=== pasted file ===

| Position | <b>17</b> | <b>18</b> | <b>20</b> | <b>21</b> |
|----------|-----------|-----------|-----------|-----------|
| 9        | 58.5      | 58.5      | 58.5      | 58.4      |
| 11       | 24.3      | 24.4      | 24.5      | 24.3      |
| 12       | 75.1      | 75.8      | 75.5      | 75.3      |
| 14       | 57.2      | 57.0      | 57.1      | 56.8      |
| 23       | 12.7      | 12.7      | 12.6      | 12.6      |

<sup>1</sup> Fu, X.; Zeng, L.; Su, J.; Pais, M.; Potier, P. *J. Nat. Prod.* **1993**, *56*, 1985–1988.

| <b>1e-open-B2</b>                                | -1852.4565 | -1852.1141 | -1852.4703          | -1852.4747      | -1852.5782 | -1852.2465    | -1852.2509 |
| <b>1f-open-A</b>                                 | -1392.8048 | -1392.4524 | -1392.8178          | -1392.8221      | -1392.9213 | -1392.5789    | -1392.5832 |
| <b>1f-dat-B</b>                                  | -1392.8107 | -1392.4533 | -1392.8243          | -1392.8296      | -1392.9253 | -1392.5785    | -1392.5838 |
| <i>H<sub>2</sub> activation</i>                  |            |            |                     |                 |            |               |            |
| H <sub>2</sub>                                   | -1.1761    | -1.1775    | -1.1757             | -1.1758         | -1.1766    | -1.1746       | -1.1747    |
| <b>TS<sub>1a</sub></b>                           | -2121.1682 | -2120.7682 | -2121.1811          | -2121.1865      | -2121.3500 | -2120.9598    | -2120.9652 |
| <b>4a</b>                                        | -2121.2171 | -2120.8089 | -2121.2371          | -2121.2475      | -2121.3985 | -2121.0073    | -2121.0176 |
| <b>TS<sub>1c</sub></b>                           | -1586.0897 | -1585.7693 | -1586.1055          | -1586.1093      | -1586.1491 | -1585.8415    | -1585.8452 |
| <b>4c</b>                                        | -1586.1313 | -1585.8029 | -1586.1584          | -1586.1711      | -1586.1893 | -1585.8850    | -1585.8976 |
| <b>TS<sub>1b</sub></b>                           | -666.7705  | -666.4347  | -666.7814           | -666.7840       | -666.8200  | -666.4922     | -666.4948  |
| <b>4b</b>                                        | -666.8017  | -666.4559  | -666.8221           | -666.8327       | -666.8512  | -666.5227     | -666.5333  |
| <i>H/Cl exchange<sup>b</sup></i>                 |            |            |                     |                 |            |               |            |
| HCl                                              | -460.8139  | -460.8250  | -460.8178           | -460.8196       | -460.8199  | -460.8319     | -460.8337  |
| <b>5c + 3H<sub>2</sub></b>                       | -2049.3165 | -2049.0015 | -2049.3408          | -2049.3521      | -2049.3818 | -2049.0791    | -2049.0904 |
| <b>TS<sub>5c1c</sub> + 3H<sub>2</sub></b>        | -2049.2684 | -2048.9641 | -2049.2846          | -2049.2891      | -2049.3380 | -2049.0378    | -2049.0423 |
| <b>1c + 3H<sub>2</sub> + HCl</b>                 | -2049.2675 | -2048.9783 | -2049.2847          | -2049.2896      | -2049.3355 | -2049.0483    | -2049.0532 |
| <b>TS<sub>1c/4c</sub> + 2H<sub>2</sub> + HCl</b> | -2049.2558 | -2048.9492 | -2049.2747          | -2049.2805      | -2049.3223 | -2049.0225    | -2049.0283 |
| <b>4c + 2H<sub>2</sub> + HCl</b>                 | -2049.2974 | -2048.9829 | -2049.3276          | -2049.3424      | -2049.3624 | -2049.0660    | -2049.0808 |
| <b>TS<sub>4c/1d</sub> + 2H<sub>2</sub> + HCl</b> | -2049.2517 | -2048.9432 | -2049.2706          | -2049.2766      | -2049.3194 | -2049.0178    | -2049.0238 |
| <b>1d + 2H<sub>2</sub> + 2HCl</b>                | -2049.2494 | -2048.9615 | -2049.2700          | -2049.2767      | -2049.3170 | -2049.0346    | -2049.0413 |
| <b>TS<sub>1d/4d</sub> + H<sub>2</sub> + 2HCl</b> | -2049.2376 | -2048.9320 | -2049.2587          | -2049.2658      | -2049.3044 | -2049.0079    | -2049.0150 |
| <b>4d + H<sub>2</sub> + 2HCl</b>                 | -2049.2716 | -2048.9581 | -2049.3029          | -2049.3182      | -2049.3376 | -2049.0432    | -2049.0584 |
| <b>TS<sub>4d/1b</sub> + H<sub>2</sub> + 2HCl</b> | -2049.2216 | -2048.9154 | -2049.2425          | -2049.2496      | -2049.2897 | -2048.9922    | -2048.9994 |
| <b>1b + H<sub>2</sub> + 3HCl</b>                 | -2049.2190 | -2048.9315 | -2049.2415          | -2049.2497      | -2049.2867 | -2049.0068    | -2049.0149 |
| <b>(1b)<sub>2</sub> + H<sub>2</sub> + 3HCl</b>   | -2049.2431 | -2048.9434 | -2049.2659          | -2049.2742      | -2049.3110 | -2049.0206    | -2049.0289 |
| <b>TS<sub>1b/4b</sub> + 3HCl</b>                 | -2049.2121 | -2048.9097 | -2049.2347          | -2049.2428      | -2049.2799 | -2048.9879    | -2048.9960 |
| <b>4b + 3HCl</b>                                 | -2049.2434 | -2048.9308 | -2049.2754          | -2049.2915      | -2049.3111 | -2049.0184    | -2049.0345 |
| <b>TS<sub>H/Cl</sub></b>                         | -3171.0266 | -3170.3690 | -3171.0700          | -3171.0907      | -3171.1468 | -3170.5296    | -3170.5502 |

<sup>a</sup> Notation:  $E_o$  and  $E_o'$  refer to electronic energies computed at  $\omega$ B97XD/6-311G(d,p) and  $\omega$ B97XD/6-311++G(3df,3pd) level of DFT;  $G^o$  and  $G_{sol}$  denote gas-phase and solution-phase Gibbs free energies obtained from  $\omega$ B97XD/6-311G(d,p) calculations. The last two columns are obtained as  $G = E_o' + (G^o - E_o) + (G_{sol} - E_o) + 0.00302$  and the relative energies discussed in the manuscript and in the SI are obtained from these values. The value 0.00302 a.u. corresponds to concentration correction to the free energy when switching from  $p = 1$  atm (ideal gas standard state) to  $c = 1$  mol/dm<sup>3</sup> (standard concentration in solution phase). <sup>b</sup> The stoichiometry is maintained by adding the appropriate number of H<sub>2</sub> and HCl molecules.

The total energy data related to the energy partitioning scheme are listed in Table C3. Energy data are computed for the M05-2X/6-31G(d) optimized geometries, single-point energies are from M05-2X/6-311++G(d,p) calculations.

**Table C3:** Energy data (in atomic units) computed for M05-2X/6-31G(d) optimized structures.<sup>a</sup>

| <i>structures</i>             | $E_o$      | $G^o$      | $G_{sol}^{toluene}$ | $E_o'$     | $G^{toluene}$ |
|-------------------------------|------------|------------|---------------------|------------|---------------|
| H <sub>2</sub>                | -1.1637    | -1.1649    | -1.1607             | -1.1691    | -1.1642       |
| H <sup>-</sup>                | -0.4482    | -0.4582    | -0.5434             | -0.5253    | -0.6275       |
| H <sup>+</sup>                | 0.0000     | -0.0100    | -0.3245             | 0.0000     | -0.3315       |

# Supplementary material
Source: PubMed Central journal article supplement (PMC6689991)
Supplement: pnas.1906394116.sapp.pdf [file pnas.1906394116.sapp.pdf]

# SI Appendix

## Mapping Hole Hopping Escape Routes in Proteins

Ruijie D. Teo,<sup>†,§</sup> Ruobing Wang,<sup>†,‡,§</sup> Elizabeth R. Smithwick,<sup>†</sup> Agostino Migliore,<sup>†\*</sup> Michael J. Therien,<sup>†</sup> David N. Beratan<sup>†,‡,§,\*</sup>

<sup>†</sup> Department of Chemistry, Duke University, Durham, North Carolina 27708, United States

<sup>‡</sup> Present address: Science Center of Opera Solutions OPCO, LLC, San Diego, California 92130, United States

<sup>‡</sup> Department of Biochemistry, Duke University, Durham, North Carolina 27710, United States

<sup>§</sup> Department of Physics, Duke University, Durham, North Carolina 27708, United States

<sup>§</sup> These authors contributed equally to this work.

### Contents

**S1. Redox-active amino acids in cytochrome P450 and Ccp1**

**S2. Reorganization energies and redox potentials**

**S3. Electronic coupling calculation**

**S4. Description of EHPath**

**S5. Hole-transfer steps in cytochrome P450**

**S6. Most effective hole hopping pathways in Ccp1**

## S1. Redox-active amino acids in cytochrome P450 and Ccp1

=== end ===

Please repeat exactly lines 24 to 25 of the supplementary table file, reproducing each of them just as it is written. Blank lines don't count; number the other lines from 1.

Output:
| <b>1c + 3H<sub>2</sub> + HCl</b>                 | -2049.2675 | -2048.9783 | -2049.2847          | -2049.2896      | -2049.3355 | -2049.0483    | -2049.0532 |
| <b>TS<sub>1c/4c</sub> + 2H<sub>2</sub> + HCl</b> | -2049.2558 | -2048.9492 | -2049.2747          | -2049.2805      | -2049.3223 | -2049.0225    | -2049.0283 |